New packaging helps Deschutes to stand out on the shelf without joining the clutter.

Craft brew packaging has long been famed for its quirkiness. To cite one example, 21st Amendment Brewery, based in San Francisco, has a seasonal brew called Fireside Chat featuring Franklin D. Roosevelt smoking a cig at his hearth and holding a beer in his hand. The problem: When scores of craft brews are busy being quirky beside one another, the result—from a brand-awareness point of view—is chaos.

“We joke that it’s a bit like the hipster movement. Everyone’s trying so hard to be differentiated that they all end up looking the same,” says Simon Thorneycroft, founder and CEO of Perspective Branding, which Deschutes retained to rework the look of its bottles and carriers. In a segment where packaging favors busy backgrounds and bizarre mascots, Deschutes now favors … its name.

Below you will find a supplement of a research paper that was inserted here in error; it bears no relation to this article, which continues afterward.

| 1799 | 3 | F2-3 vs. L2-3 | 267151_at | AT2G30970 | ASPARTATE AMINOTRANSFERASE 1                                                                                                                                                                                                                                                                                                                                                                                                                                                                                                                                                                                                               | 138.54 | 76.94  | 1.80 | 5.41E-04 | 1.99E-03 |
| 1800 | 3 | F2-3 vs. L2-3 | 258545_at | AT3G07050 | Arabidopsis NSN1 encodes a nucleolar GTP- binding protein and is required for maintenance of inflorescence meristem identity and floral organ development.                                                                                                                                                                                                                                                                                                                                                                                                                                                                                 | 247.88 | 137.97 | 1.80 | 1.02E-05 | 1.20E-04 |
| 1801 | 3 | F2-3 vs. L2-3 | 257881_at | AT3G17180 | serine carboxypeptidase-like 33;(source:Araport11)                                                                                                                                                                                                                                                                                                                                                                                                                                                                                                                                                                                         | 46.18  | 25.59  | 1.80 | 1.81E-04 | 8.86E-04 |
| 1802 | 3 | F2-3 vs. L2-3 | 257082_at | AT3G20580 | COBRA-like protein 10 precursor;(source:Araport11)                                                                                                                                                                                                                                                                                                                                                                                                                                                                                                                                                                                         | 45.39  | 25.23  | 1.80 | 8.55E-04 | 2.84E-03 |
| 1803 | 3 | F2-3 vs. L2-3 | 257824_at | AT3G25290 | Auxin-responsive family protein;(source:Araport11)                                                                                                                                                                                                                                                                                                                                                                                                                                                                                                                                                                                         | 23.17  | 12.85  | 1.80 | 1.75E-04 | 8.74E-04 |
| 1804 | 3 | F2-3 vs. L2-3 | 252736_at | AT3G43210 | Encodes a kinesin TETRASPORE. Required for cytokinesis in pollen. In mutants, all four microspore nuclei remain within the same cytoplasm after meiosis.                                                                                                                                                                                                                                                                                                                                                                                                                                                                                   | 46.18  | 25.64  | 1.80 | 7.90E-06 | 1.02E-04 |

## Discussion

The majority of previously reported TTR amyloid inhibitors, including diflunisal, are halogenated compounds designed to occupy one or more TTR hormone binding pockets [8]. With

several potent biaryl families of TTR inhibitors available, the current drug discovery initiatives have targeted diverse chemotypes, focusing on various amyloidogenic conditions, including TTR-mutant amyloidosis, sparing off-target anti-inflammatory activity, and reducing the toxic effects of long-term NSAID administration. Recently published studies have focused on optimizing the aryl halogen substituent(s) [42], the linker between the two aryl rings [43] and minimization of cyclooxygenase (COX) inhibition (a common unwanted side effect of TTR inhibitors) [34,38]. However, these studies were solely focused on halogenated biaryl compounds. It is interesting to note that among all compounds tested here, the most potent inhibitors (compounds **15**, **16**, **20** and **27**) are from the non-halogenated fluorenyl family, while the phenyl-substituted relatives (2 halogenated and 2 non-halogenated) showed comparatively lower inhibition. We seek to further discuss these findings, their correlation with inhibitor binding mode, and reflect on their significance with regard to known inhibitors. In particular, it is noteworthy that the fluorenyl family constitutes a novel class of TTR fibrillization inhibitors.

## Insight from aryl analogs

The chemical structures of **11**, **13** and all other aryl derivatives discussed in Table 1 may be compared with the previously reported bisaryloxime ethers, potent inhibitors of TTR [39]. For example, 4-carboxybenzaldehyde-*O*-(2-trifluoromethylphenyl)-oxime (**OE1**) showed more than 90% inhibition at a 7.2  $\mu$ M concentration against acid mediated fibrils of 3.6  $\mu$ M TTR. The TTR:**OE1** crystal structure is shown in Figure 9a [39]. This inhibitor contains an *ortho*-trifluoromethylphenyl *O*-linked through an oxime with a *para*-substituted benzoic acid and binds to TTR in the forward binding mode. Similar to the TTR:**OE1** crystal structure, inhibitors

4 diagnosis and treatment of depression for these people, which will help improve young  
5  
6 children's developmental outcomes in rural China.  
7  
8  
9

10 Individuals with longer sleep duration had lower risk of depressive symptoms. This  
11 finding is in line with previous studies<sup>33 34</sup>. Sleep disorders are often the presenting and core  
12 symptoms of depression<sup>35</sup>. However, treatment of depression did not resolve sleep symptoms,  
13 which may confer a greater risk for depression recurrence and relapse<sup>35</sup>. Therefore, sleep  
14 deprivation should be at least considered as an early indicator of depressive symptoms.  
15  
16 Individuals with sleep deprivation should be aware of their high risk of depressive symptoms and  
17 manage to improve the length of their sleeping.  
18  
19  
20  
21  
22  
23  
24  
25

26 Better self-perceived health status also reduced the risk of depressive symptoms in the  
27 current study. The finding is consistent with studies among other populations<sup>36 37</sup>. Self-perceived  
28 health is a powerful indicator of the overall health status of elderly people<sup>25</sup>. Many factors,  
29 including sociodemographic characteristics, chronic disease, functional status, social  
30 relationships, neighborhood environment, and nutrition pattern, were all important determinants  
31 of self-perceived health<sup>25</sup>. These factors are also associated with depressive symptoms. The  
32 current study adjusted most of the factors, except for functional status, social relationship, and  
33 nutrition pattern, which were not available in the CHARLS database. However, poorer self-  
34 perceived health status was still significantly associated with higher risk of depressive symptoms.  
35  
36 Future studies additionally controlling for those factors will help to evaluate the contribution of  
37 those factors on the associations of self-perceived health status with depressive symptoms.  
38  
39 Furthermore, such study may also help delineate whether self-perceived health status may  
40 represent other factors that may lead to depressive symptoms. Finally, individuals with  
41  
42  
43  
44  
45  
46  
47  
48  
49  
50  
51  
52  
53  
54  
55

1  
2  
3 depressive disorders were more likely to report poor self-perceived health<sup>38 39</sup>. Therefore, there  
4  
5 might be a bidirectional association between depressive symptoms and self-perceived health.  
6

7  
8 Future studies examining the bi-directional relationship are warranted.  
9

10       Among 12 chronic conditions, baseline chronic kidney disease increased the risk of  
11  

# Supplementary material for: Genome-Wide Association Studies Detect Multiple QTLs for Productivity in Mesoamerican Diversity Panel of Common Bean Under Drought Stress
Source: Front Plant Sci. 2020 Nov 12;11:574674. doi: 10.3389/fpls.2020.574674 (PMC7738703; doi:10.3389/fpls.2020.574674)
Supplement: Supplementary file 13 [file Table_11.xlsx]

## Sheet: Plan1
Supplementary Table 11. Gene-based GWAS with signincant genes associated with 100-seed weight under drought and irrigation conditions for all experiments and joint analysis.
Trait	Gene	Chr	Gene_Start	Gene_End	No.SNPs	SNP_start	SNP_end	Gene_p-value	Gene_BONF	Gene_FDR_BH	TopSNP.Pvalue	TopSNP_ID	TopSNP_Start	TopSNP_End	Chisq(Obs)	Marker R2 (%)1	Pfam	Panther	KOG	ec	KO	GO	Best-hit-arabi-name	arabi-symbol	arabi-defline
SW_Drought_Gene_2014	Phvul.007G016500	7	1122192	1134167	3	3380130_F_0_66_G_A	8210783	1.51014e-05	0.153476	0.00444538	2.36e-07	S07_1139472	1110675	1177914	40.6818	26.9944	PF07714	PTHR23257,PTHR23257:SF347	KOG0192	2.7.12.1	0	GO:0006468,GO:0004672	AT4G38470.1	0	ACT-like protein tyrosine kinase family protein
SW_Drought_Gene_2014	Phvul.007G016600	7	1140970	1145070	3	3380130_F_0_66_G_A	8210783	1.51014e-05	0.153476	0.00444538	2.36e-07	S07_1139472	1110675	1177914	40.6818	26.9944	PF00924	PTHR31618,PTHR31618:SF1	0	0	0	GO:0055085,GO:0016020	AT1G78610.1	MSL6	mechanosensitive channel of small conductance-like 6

By dropping the word “Brewery” from “Deschutes Brewery,” Perspective opened up space on the carrier and used it to run the name big across the front. (Customers, Fish believes, don’t need to be told that beer comes from a brewery.) Meanwhile, instead of using a jumble of colors, Perspective opted for one: red. “One brand—bright red, and I made that pop,” Thorneycroft says.

“We joke that it’s a bit like the hipster movement. Everyone’s trying so hard to be differentiated that they all end up looking the same.”
-Simon Thorneycroft, founder and CEO of Perspective Branding, on craft brews beingn quirky


@UpperEastRob robert.klara@adweek.com Robert Klara is a senior editor, brands at Adweek, where he specializes in covering the evolution and impact of brands.